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What is the difference between a theme park and an amusement park?

Is Disney World a theme park or an amusement park? What about Cedar Point? Is there really a difference or do these two terms mean the same thing? Does it even matter? Well, it may not be as important as some things out there, but park and amusement park enthusiasts will find it interesting, if not important. There is a lot of confusion and misinformation out there. So, I thought I’d take the opportunity in this article to clear up some of the confusion.

Amusement parks

Let’s start by first defining the term “Amusement Park” because amusement parks were the first to appear on the scene. By most definitions, the amusement park has been around for hundreds of years, roughly since the 16th century. It can be simply defined as a fixed location where multiple rides and attractions are assembled to entertain people. Simple enough.

However, over the years, the definition of amusement park has been clouded by changes in amusement design, the invention of the automobile and the media, and the need for entertainment to meet or exceed expectations. of your audience. These changes have led to improvements and innovations in some parks and bankruptcies and closures in many others. But, one thing remained constant, the parks, themselves, were always just collections of attractions, no matter how disjointed or tacky the collection seemed. Excellent examples of these include Coney Island in Brooklyn or Riverview Park in Chicago … neither of which exists today by the way.

Theme parks

While it is debatable when the “theme park” was introduced, most experts believe that Walt Disney was its inventor. Disney, however, was heavily influenced by Knott’s Berry Farm and the amusement parks of Europe. So you could claim that Knott’s Berry Farm was the first theme park, but certainly Walt Disney took the theme park to a whole new level. So what makes a theme park different from an amusement park?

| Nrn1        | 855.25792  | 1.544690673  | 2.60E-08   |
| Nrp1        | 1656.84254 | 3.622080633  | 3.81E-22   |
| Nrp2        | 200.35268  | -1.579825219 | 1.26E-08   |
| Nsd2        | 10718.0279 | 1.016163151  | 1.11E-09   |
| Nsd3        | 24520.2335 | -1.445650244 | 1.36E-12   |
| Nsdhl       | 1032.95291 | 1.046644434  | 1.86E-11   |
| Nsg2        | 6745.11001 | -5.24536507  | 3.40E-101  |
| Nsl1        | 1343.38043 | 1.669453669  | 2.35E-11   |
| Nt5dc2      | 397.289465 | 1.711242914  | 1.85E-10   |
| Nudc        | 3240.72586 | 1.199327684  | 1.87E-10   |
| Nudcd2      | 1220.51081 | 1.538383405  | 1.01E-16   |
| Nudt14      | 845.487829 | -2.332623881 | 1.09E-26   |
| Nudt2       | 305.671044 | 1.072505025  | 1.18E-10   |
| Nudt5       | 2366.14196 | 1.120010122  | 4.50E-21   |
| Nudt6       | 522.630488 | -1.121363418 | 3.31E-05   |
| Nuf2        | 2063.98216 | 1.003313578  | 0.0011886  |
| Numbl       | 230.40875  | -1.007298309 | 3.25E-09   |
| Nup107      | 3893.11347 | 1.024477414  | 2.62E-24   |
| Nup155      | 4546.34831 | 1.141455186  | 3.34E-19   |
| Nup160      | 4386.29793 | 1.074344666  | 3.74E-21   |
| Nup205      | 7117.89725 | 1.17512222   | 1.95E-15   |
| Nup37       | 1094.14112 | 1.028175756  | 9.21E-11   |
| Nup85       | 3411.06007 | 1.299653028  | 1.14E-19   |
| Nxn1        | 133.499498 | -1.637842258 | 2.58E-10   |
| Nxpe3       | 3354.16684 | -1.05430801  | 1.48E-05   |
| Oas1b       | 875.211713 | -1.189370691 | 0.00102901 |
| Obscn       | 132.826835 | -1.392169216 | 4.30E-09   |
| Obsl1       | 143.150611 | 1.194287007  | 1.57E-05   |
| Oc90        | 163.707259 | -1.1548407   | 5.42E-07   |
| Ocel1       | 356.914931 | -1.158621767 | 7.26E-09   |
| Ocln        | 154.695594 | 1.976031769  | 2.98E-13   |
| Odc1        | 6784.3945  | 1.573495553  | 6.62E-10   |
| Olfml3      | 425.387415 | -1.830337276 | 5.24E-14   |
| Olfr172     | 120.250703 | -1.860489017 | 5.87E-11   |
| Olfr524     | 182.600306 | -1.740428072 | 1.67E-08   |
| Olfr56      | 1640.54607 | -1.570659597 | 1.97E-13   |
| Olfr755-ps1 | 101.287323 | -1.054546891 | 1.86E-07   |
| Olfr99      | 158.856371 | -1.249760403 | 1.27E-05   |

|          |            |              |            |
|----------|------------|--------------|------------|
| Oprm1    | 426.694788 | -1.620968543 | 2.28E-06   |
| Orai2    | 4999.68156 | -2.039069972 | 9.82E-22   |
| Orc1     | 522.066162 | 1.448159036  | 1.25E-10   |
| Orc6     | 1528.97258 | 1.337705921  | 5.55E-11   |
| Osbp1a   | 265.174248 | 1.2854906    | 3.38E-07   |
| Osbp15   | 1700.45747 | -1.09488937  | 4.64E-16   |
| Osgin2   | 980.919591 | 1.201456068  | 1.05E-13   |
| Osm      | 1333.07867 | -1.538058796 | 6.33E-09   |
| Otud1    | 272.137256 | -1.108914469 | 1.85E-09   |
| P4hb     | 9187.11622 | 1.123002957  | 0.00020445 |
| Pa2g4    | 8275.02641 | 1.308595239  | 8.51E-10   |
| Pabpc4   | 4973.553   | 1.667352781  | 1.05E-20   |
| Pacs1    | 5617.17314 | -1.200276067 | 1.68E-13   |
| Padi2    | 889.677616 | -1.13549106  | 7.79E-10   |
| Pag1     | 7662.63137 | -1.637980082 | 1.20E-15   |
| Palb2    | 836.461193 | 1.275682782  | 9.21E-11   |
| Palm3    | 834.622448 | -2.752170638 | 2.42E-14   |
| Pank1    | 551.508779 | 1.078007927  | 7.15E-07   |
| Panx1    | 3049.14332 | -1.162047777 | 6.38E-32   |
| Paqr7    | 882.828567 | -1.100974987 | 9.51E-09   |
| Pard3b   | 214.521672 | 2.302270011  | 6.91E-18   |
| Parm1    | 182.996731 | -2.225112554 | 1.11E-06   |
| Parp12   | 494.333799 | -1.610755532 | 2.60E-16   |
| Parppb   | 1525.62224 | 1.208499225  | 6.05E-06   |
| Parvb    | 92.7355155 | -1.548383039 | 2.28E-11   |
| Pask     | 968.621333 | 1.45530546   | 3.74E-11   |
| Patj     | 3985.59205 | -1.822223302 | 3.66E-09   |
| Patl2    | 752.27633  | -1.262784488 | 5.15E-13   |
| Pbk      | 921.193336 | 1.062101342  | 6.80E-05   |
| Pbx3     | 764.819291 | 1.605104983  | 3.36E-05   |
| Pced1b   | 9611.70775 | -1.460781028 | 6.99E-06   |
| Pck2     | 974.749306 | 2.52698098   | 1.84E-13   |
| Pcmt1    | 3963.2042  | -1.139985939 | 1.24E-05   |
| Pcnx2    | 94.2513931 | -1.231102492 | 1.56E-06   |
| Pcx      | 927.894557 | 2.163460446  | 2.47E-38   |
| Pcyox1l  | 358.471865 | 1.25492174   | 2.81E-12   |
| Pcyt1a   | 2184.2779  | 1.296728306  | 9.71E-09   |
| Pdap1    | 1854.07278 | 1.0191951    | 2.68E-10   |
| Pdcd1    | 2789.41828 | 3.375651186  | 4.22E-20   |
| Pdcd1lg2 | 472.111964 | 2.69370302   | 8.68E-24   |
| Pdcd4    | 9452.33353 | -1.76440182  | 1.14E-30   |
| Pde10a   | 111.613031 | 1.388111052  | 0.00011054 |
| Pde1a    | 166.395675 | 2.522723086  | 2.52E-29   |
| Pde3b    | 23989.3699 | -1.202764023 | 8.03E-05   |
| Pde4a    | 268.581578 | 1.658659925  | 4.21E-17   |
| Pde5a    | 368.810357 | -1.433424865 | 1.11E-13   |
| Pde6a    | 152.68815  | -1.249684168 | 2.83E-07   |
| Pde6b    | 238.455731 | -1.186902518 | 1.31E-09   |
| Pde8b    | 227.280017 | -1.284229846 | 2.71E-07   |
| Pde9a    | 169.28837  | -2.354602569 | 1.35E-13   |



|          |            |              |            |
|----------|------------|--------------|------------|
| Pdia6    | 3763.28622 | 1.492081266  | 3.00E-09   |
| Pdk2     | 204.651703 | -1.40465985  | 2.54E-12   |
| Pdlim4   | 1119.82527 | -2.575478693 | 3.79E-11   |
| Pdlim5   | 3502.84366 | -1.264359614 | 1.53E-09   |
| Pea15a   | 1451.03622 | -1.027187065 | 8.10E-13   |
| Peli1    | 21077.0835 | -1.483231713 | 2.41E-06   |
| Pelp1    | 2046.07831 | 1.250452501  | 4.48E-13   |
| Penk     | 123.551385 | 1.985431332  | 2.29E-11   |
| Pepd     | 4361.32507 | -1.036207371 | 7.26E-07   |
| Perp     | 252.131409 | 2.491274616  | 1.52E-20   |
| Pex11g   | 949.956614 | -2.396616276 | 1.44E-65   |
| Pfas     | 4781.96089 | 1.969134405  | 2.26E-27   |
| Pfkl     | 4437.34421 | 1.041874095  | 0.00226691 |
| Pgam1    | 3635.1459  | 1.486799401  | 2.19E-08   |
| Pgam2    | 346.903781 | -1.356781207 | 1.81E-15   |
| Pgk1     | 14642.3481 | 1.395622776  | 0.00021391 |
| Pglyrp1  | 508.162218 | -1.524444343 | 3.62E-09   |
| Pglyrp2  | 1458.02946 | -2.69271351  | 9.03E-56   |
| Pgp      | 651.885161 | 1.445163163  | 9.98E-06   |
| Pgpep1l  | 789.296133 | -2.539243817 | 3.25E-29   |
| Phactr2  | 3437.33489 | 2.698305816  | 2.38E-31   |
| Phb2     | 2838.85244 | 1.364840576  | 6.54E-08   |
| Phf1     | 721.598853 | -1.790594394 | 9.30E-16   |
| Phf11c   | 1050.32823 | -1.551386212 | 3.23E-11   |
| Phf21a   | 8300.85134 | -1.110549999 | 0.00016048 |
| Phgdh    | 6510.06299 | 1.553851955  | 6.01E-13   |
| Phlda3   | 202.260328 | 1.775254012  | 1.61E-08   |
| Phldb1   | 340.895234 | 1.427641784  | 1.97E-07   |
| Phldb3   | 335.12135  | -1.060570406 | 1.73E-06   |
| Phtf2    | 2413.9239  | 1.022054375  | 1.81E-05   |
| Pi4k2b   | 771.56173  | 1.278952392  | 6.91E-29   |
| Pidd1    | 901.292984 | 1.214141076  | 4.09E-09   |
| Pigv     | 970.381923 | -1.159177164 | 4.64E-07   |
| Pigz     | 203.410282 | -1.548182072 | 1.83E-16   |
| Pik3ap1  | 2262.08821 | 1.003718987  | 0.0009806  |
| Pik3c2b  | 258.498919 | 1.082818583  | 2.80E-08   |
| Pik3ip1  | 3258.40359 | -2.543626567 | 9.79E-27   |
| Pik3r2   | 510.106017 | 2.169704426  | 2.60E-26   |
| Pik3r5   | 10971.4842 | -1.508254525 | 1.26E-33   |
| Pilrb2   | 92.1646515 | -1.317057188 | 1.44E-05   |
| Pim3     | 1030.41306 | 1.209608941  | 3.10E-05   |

A true “theme” park consists of different thematic lands or regions. Great efforts are made to create the illusion of another world or culture using landscaping, architecture, music, food, employees, and attractions. In a theme park, attractions often take second place in the environment in which they are located. The more a park can take its visitors out of the “real world” and into a fantasy world, the truer the label “theme” becomes. Because Walt Disney used film directors rather than architects for his park design, he was able to create a true escape from reality, as if the theme park were a movie on a screen.

Theme resorts take theme parks to a whole new level

With the opening of Walt Disney World in Florida in 1971, the next step in the evolution of the theme park took place. Beyond the rides and attractions of Walt Disney World, Disney combined the theme park with hotels, golf courses, water recreation, and (eventually) more theme parks. We like to call this the “Theme Resort”.

The idea of ​​the themed resort is to attract guests and then keep them on their property for whatever they may want or imagine. It is quite possible, with the advent of Disney’s Wide World of Sports, sport fishing, water and field sports, and tournament capabilities, that almost everything one can do on a vacation can now be found in one place. The themed resort has become a one-stop shop for dream vacations and the numbers are showing that the Disney idea is the right way to think. Disney is not alone in this market. Universal Studios in Orlando consists of two separate theme parks, hotels and restaurants to create the Universal Orlando Resort. Disney learned in the 1980s that keeping people close was the key to profits and that is certainly proving to be true.

Final thoughts

It’s easy to get frustrated by the comparisons that are commonly made between amusement parks and theme parks, although those comparisons, by definition, shouldn’t be made. When someone says “I think Cedar Point is a much better amusement park than Disney World,” they are right in a way because Walt Disney World is not an amusement park and will never claim to be a roller coaster enthusiast’s paradise. At the same time, however, they are also wrong because they compare apples to oranges. To make things even more confusing, Cedar Point sometimes calls itself a theme park simply because different areas of the park are labeled. Sorry Cedar Point. The theme is more than just labels.

So the next time someone says they enjoyed Dollywood or Six Flags much more than Disney World, don’t bother arguing. They can also say that they like sushi more than a bicycle.

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